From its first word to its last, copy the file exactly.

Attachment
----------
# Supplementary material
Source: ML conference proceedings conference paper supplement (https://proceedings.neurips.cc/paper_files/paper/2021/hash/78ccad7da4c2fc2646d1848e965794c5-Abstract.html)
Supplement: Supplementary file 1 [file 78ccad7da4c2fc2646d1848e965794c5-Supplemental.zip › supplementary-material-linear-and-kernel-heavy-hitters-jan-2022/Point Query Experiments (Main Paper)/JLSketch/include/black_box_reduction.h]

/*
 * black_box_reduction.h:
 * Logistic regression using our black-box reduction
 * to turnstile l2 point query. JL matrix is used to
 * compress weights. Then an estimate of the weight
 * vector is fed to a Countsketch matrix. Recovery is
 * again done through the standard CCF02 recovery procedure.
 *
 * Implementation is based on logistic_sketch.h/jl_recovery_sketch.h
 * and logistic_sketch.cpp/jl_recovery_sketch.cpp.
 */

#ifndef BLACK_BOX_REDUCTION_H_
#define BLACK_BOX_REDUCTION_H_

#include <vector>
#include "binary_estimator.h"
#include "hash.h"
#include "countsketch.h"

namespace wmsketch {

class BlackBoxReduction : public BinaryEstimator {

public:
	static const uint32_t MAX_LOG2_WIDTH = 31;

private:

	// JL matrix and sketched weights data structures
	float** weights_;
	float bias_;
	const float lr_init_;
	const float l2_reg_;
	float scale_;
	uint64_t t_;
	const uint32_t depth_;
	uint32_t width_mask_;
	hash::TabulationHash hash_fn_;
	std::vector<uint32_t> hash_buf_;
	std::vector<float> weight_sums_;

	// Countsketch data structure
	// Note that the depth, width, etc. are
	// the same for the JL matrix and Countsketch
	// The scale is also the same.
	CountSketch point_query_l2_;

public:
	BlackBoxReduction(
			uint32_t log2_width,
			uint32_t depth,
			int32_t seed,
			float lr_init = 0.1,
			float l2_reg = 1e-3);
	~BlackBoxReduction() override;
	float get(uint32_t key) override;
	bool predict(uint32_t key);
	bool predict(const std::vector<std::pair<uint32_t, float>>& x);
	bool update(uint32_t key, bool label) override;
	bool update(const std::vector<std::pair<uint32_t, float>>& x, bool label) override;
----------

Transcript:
# Supplementary material
Source: ML conference proceedings conference paper supplement (https://proceedings.neurips.cc/paper_files/paper/2021/hash/78ccad7da4c2fc2646d1848e965794c5-Abstract.html)
Supplement: Supplementary file 1 [file 78ccad7da4c2fc2646d1848e965794c5-Supplemental.zip › supplementary-material-linear-and-kernel-heavy-hitters-jan-2022/Point Query Experiments (Main Paper)/JLSketch/include/black_box_reduction.h]

/*
 * black_box_reduction.h:
 * Logistic regression using our black-box reduction
 * to turnstile l2 point query. JL matrix is used to
 * compress weights. Then an estimate of the weight
 * vector is fed to a Countsketch matrix. Recovery is
 * again done through the standard CCF02 recovery procedure.
 *
 * Implementation is based on logistic_sketch.h/jl_recovery_sketch.h
 * and logistic_sketch.cpp/jl_recovery_sketch.cpp.
 */

#ifndef BLACK_BOX_REDUCTION_H_
#define BLACK_BOX_REDUCTION_H_

#include <vector>
#include "binary_estimator.h"
#include "hash.h"
#include "countsketch.h"

namespace wmsketch {

class BlackBoxReduction : public BinaryEstimator {

public:
	static const uint32_t MAX_LOG2_WIDTH = 31;

private:

	// JL matrix and sketched weights data structures
	float** weights_;
	float bias_;
	const float lr_init_;
	const float l2_reg_;
	float scale_;
	uint64_t t_;
	const uint32_t depth_;
	uint32_t width_mask_;
	hash::TabulationHash hash_fn_;
	std::vector<uint32_t> hash_buf_;
	std::vector<float> weight_sums_;

	// Countsketch data structure
	// Note that the depth, width, etc. are
	// the same for the JL matrix and Countsketch
	// The scale is also the same.
	CountSketch point_query_l2_;

public:
	BlackBoxReduction(
			uint32_t log2_width,
			uint32_t depth,
			int32_t seed,
			float lr_init = 0.1,
			float l2_reg = 1e-3);
	~BlackBoxReduction() override;
	float get(uint32_t key) override;
	bool predict(uint32_t key);
	bool predict(const std::vector<std::pair<uint32_t, float>>& x);
	bool update(uint32_t key, bool label) override;
	bool update(const std::vector<std::pair<uint32_t, float>>& x, bool label) override;